Craig: I’ll tell you the worst situation is when you have a bad movie that also doesn’t make a lot of money. [laughs] Because, you know, I mean one day we should do a podcast on Superhero, or what was absurdly retitled Superhero Movie, and what an awful experience it was for me to work on it, and make it, and then also to watch it crash and burn.
It was just sort of… — That might be therapeutic for me.
John: [laughs] Talking through it. The second Charlie’s Angels is a bit of that for me, because the first Charlie’s Angels was, you know, an adrenaline high of a really hard to make movie, but we ended up doing it right, and people liked it a lot, and it became sort of — we were an underdog. And then coming in with the expectations of the second movie, which was just a nightmare to shoot, and it not performing well, it was frustrating on a lot of levels.
Craig: Yeah. You never want to… — We are taught, there’s a narrative that if you persevere in the face of terrible adversity you will come out on the other end successful. And yet there are times when you persevere through terrible adversity and you still die. [laughs] You know, you battle cancer and they give you a clean bill of health and you walk out of the hospital and a bus mows you down. And those are rough moments, and frankly hard to derive very positive lessons from them beyond “sometimes you lose,” you know?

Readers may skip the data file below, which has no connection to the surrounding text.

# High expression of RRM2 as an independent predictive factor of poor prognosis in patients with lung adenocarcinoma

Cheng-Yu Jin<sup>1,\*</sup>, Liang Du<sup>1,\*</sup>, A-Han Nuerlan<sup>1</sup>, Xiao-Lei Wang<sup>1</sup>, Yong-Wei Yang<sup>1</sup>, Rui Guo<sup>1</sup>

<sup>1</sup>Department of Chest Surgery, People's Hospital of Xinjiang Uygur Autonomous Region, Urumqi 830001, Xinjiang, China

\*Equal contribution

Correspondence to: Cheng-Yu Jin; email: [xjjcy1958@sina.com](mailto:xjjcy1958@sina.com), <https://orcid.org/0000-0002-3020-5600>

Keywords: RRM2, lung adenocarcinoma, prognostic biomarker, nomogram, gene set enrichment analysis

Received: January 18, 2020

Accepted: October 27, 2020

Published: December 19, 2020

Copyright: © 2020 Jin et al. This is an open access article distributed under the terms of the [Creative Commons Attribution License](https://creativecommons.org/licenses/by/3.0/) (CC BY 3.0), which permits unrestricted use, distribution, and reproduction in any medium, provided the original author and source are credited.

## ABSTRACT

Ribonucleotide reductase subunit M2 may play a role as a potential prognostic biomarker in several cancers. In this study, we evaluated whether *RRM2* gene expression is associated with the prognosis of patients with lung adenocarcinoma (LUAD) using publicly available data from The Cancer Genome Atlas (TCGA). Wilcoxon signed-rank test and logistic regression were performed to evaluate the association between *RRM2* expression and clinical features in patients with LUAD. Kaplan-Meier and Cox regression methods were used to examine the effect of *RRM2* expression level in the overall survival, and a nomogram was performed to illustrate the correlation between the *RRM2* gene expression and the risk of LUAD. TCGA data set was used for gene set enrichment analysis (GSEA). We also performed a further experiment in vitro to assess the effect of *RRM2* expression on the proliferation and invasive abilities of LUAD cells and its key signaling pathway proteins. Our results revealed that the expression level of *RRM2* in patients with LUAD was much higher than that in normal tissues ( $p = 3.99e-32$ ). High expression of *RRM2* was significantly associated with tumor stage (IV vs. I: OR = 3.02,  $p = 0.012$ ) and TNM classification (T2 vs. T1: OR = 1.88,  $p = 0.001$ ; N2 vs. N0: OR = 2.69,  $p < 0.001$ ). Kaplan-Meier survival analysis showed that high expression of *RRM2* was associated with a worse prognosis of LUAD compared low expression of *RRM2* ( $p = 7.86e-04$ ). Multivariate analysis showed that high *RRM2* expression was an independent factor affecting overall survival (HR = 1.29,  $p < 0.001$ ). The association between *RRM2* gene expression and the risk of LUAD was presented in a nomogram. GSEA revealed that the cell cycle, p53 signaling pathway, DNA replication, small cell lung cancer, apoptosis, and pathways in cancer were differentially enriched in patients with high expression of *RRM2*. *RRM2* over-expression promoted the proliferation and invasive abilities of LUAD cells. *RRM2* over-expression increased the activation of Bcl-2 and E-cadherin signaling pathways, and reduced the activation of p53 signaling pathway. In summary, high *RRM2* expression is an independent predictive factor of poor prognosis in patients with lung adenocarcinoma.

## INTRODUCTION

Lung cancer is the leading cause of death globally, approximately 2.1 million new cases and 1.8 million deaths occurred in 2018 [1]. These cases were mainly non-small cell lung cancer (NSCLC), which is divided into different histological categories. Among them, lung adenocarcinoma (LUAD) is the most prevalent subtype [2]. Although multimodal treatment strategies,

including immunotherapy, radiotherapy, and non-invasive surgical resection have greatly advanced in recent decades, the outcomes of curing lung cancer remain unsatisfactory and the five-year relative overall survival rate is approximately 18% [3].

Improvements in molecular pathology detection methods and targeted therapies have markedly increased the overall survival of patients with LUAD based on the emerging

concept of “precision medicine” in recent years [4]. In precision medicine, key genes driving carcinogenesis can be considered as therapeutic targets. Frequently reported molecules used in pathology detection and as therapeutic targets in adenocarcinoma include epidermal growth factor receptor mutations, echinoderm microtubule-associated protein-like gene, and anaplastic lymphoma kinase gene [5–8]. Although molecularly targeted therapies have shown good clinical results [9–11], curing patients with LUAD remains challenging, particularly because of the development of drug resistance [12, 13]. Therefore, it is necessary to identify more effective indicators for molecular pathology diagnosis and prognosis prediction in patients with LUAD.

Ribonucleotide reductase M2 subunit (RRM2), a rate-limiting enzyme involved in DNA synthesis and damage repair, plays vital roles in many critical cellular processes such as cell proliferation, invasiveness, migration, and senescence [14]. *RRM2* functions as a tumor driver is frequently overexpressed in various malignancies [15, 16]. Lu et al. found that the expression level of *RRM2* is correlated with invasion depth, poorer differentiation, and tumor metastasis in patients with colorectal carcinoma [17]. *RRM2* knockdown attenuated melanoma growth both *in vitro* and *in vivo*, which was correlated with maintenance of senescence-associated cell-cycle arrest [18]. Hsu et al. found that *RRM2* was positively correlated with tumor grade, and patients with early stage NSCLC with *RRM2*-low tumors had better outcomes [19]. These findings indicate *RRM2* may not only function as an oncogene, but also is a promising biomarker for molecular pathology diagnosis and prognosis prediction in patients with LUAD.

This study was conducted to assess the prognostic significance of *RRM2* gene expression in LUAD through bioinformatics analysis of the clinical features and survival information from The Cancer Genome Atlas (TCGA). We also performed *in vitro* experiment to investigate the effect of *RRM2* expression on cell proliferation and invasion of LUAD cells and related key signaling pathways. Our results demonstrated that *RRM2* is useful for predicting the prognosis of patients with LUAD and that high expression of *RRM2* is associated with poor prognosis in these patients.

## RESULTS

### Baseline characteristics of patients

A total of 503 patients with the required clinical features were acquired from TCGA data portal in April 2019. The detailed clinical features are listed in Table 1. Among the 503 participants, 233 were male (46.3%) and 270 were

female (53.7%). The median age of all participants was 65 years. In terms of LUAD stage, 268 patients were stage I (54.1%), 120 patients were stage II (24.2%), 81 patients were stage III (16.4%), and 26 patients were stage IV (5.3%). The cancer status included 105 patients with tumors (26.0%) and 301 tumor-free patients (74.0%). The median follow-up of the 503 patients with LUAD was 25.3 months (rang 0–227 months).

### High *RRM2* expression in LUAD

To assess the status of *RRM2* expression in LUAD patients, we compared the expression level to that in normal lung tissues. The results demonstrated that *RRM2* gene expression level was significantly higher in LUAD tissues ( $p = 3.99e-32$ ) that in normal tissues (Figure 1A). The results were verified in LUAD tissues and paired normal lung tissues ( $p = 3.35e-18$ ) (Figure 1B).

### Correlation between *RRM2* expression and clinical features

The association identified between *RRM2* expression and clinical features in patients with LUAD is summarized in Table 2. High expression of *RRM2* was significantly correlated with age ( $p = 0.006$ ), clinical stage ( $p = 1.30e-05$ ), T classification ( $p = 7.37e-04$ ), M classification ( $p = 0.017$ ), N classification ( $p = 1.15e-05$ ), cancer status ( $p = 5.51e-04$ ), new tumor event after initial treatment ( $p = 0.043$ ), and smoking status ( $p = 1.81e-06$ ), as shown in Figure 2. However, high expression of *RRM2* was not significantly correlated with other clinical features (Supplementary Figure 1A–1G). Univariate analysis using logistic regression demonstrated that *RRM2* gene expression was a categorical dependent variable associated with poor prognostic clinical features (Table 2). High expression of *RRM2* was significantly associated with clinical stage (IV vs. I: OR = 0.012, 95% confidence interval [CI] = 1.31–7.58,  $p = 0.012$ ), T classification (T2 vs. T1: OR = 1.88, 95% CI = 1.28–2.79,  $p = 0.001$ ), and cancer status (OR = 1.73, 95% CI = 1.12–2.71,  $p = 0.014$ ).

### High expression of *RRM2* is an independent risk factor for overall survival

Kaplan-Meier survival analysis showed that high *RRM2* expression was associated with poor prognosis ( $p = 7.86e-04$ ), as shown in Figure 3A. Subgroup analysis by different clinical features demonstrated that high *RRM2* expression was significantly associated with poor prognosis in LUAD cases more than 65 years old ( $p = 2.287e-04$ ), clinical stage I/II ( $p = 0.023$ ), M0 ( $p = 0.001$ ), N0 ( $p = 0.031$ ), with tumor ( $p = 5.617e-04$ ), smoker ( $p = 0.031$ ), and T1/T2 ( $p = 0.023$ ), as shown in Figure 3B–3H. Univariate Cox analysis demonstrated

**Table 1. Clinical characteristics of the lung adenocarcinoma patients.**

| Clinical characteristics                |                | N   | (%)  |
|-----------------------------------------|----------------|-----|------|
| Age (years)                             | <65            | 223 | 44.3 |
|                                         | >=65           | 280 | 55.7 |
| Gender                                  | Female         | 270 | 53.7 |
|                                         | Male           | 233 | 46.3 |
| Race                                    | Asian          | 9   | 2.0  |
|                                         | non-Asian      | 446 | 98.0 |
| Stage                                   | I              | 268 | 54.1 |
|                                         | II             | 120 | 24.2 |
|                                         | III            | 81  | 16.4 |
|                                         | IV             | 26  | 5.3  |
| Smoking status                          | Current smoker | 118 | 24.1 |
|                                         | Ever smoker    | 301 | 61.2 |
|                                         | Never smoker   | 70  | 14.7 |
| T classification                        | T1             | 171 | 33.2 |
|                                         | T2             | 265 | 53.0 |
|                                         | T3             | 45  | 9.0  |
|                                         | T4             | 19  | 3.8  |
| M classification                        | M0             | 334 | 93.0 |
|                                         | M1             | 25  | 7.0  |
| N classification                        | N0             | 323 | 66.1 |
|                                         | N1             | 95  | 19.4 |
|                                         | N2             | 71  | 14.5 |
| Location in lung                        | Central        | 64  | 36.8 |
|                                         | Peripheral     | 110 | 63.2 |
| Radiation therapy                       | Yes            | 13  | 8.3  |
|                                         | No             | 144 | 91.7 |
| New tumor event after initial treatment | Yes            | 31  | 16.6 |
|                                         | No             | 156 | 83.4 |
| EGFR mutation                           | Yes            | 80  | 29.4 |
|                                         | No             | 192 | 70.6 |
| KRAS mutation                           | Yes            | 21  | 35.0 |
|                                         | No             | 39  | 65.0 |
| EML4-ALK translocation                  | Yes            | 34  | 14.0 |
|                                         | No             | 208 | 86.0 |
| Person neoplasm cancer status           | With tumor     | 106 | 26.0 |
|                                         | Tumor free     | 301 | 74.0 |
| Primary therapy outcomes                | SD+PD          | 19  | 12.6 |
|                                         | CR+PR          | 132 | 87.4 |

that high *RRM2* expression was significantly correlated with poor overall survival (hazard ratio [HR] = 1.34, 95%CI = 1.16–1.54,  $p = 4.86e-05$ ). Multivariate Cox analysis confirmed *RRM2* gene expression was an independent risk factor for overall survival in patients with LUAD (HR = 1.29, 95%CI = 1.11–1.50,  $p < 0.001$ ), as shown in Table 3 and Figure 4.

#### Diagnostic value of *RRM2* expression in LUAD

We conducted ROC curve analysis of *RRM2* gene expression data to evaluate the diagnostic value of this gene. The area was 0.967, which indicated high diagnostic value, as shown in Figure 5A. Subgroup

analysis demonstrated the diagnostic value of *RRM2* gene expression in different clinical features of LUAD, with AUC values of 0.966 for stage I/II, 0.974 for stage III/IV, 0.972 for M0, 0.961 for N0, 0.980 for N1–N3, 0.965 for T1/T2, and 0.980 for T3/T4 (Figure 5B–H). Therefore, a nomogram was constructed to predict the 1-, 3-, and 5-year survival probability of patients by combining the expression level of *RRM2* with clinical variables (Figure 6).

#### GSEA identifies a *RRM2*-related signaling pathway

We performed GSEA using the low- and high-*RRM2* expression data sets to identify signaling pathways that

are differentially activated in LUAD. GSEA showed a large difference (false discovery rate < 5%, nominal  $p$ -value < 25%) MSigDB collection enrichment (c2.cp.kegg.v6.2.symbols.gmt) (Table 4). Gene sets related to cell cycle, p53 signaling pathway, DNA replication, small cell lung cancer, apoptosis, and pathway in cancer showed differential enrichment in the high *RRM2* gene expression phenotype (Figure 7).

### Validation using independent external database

But that’s not what happened here, I don’t think, at all. I think you have a great attitude about it. Because I suspect that this movie will — good movies, especially good movies for kids, and especially good movies for kids that are tied to holidays, they have a way of living forever.
John: Yeah. Plus movies about kids and dogs.
Craig: Mm-hmm. That’s exactly right.
John: Done. You have kids, dogs, Halloween, you’ve got animation of the dead.
Craig: And you have a great title, Halloweenie.
John: Exactly. If only we had chosen the Craig Mazin title rather than the actual title that we used.